• Modes of transmission – Ground beef, Bovine contact, Petting zoos, Airborne transmission, Deer jerky, Salami, Salmon roe, Person-to person contact, Day-care centers, Unpasteurized milk, Municipal water, Swimming pool water, Lettuce, Radish sprouts, Spinach.No genetic factors have been implicated in the pathogenesis of STEC-HUS.

How do these pathogens/genes/exposures cause the disease?

To cause HUS an agent must be able to damage glomerular endothelial cells.

Shiga-toxin-producing E coli (STEC) are also called Verotoxin-producing E. coli (VTEC) as well as EHEC.

The primary virulence factor is Stx2 – All Shiga toxins comprise a single 30 kDa A-sub-unit and a pentamer of non-covalently attached identical 7 kDa B-subunits. Enzymatic activity is in the A-subunit and cell recognition receptor binding properties are in the B-subunits. Stx1 and Stx2 are immunologically distinct. Each does not target exactly the same tissues. But both bind to Gb3 and can cause HUS. Gb3 is the receptor on endothelial cells. Gb3 is expressed in human glomerular endothelial cells, mesangial cells, and tubular epithelial cells. The amount of Gb3 in cells determines their sensitivity to Stx. After Stx binds to Gb3 the complex is transported into the cell, cleaved into an active A1 subunit, and inhibits RNA thereby causing cell death.

During the stage of hemorrhagic colitis the toxins of E. coli 0157:H7 (Stx1 and/or Stx2) enter the blood circulation.

Glomerular endothelial injury results in local intravascular coagulation and mechanical destruction of erythrocytes and platelets by fibrin strands in narrowed vessels.

Platelet adherence contributes to microthrombi formation.

  • Summary of pathogenesis – a succession of inter-related, overlapping synchronous and asynchronous events –

    Stx-producing E. coli infection causes colonic injury.

    Stx enter the circulation.

    May be transported on leukocytes.

    Stx attaches to Gb3 receptors.

    This inhibits cell protein synthesis and causes cell injury and death.

    There is also access and interaction with lipopolysaccharide, interleukins tumor necrosis factor.

    Cell death exposes collagen to coagulation factors and platelets.

    There is local activation of coagulation with formation of fibrin thrombi.

    Platelets are activated and are removed by the spleen and liver.

    Endothelial cell functions are perturbed – prostacyclin, von Willebrand factor, endothelin, nitric oxide, PAI-1.

    Endothelial cells are swollen, injured, detached.

    The glomerular capillary lumen is narrowed, glomerular filtration rate is decreased.

    There is also acute tubular injury, obstruction and anuria.

What complications might you expect from the disease or treatment of the disease?

Complications of STEC-HUS

Renal complications:

Chronic renal failure.

End-stage kidney disease.




CNS complications:

Acute seizure, encephalopathy, coma.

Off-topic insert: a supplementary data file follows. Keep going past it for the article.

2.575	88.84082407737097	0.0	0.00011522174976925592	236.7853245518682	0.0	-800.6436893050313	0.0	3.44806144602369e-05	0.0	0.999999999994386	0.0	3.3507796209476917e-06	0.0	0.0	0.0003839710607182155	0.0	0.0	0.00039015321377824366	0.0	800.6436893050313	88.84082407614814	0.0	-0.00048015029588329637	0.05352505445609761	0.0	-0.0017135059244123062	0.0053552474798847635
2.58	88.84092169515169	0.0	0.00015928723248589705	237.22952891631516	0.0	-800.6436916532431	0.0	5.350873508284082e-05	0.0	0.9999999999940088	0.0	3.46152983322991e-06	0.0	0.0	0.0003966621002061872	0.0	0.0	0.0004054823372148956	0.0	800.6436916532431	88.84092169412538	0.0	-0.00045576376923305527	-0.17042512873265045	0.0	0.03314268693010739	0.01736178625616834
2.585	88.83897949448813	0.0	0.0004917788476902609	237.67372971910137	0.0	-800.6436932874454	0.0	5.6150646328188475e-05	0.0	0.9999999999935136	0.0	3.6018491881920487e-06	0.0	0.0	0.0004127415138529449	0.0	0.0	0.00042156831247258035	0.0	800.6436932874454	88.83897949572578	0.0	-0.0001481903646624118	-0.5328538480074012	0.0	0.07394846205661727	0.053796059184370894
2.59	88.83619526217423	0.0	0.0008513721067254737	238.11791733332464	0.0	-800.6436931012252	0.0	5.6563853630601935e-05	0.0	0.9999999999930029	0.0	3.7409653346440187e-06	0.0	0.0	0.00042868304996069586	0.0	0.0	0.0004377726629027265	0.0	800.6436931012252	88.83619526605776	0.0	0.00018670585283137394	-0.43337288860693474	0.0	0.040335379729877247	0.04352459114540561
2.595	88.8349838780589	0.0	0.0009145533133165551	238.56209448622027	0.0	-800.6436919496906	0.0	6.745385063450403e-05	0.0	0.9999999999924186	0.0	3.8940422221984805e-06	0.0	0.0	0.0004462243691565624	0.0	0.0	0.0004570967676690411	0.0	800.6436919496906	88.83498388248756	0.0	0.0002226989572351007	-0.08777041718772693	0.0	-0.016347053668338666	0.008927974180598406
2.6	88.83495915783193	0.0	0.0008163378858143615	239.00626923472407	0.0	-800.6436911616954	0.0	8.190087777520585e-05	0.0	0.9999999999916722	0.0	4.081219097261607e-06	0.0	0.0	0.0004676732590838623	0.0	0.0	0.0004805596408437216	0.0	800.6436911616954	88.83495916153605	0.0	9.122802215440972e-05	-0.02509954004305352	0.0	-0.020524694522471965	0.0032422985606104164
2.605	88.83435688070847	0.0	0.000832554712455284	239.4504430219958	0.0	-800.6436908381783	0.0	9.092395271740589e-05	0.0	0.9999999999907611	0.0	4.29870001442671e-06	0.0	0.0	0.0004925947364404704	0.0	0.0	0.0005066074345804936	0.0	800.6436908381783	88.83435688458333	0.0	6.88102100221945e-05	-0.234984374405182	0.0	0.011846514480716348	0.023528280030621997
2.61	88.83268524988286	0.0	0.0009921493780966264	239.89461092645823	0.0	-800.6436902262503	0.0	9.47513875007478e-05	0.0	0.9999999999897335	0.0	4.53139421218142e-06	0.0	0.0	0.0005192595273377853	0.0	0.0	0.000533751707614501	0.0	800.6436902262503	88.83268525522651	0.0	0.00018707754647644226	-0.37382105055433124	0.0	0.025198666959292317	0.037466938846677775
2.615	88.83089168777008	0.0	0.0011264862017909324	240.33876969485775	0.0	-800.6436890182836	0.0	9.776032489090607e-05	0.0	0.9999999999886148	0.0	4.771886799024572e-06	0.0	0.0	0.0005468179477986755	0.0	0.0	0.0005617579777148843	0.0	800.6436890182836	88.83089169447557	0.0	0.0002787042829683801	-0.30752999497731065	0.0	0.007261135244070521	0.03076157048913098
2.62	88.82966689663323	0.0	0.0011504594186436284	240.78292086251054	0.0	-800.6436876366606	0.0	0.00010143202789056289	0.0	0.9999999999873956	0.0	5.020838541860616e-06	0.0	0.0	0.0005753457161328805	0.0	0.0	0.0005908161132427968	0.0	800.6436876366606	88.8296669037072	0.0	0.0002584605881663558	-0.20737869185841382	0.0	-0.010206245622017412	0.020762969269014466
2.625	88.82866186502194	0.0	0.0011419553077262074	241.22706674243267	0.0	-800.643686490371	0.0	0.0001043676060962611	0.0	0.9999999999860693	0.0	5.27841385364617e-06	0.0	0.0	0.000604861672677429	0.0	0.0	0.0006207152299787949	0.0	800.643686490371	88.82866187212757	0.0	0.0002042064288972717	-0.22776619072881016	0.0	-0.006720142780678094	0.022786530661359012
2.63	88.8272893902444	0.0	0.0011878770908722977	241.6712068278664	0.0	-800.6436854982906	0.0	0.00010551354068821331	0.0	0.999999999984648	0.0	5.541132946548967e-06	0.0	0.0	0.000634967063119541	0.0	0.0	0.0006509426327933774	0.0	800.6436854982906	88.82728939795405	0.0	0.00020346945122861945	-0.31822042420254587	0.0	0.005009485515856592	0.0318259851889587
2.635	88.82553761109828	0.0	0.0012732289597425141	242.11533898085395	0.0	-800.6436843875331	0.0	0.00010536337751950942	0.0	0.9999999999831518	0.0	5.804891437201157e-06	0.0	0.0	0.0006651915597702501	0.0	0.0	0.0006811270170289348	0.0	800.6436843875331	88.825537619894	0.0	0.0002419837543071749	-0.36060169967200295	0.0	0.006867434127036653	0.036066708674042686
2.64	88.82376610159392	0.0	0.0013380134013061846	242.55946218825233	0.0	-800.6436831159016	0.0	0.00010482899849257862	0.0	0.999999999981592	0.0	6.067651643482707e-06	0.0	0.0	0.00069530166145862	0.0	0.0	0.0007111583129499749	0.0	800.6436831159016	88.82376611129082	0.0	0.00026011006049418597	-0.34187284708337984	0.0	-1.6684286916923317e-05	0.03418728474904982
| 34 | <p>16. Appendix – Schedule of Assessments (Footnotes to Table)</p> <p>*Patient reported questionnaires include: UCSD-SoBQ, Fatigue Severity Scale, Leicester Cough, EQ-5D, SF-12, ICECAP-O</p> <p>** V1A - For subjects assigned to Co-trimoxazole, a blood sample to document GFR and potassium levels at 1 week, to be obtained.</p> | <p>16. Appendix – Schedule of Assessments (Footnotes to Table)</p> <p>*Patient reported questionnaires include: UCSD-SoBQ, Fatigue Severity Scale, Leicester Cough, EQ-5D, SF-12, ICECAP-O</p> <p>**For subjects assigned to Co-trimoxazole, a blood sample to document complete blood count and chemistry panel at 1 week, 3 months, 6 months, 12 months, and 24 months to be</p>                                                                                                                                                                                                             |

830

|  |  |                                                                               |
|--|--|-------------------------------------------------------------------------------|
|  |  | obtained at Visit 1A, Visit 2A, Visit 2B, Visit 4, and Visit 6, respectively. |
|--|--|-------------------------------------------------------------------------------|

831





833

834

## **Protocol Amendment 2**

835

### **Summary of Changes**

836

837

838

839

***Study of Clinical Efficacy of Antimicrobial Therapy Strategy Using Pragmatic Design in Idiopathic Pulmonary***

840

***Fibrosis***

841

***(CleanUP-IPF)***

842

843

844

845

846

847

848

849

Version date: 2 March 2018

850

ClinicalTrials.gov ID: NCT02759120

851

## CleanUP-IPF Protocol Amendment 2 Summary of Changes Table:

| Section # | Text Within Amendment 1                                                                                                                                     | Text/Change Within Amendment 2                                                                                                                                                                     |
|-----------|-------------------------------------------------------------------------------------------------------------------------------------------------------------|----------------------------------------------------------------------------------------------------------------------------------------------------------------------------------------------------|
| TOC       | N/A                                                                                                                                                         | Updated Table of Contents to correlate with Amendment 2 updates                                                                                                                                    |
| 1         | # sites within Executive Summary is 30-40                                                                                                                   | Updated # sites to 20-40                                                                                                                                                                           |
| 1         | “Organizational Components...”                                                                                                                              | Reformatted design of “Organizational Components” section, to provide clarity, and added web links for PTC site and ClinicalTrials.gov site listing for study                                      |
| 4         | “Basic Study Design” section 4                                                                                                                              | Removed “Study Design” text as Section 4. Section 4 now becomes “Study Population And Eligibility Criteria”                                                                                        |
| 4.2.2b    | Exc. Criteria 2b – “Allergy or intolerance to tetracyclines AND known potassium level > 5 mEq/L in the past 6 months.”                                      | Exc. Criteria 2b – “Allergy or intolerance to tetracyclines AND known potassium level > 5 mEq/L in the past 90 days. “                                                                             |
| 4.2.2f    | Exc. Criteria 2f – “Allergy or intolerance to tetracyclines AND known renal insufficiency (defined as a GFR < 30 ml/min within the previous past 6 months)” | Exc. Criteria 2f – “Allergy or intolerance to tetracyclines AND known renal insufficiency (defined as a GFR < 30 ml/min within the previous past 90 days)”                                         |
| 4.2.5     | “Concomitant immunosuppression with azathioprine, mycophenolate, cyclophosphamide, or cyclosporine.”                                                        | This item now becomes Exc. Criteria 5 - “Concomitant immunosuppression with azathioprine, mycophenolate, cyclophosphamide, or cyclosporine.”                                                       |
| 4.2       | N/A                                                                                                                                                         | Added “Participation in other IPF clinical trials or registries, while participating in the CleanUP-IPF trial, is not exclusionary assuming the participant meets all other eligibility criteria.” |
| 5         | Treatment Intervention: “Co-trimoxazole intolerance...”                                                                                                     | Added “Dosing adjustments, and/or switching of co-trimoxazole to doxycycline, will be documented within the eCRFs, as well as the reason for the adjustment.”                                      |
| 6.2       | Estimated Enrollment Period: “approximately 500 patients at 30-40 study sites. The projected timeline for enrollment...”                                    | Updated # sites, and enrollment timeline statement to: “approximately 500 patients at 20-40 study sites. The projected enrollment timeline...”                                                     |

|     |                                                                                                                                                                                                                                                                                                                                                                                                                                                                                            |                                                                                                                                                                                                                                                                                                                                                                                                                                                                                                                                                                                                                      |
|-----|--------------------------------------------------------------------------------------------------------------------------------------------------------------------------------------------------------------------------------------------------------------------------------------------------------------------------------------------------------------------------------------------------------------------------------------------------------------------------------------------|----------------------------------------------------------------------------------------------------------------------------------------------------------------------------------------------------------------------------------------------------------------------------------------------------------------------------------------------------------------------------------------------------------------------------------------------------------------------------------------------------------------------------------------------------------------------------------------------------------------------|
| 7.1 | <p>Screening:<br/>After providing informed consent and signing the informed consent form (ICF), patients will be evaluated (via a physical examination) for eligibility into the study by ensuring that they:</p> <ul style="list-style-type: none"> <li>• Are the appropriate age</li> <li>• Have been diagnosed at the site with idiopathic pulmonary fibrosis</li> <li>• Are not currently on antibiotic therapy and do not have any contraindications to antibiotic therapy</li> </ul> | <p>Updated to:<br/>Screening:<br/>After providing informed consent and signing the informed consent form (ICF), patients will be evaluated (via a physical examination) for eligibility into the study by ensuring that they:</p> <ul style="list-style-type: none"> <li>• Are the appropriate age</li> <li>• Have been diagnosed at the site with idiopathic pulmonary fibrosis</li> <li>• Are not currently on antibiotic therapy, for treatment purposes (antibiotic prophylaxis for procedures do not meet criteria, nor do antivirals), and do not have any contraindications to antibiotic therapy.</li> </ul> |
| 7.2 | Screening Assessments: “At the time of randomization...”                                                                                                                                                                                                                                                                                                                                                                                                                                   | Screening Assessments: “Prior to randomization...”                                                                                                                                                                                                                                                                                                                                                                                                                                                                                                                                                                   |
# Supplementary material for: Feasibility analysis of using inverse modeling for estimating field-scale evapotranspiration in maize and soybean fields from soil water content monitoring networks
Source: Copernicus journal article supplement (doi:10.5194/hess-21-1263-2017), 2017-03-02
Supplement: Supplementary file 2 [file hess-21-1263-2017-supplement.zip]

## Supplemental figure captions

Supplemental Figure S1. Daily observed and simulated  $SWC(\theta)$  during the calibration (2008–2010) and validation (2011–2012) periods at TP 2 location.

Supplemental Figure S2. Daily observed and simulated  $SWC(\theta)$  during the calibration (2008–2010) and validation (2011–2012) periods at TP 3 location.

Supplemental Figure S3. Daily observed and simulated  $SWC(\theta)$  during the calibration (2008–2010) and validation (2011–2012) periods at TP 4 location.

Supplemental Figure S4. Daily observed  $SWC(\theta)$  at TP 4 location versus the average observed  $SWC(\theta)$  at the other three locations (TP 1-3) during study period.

Rarely, chronic encephalopathy, paresis.

Pancreatic complications:

Acute pancreatitis.

Diabetes mellitus.

Gastrointestinal complications:

Intestinal gangrene.

Rectal prolapse.

Obstruction, perforation.

Chronic strictures.



Acute cardiogenic failure.

Acute adult respiratory distress syndrome.

Psychological post-traumatic stress for patient and family.

Complications of treatment

Acute peritonitis.

Short-bowel syndrome if colon has been removed because of gangrene.

Vascular injury from dialysis catheters.

Bleeding if anticoagulants were used.

How can hemolytic uremic syndrome be prevented?

The number of E coli 0157:H7 required to cause infection is as low as 100 organisms.

There are no prophylactic drugs or vaccines.

Prevention of STEC HUS

Avoid primary infection with STEC bacteria.

Wash hands thoroughly.

Prevent food cross-contamination.

Do not allow toddlers with diarrhea to go into wading pools.

Cook food well.

Cook ground beef >68 Celsius.

Prevent secondary spread by isolating contacts.

Admit affected/suspected cases to hospital.

Contact precautions – hospitalize in a single room, use gloves at all times, gown while in contact with patient, or any potentially affected surface or object.

Genetic counseling

Not indicated for STEC HUS or S. pneumoniae HUS.

Indicated for aHUS.

What is the evidence?

Bitzan, M, Schaefer, F, Reymond, D. “Treatment of typical (enteropathic) hemolytic uremic syndrome”. Semin Thromb Hemost. vol. 36. 2010 Sep. pp. 594-610. (This manuscript provides an overview of the current treatment options and reviews the supporting evidence.)

Hickey, CA, Beattie, TJ, Cowieson, J, Miyashita, Y, Strife, CF, Frem, JC, Peterson, JM, Butani, L, Jones, DP, Havens, PL, Patel, HP, Wong, CS, Andreoli, SP, Rothbaum, RJ, Beck, AM, Tarr, PI. “Early volume expansion during diarrhea and relative nephroprotection during subsequent hemolytic uremic syndrome”. Arch Pediatr Adolesc Med. vol. 165. 2011 Oct. pp. 884-9. (This article discusses the potential benefit of early volume expansion in treating HUS.)

Lapeyraque, AL, Malina, M, Fremeaux-Bacchi, V, Boppel, T, Kirschfink, M, Oualha, M, Proulx, F, Clermont, MJ, Le Deist, F, Niaudet, P, Schaefer, F. “Eculizumab in severe Shiga-toxin-associated HUS”. N Engl J Med. vol. 364. 2011 Jun. pp. 2561-3. (This case series describes the first experience with the use Eculizumab in severe typical HUS.)

Ongoing controversies regarding etiology, diagnosis, treatment

The recent use of eculizumab to treat adult patients with STEC-HUS may be controversial and a consensus is evolving.

No evidence that eculizumab is indicated in children with STEC-HUS.

The use of FFP with or without PEX for STEC-HUS is controversial.

No evidence supporting the use of FFP with or without PEX in children with STEC-HUS.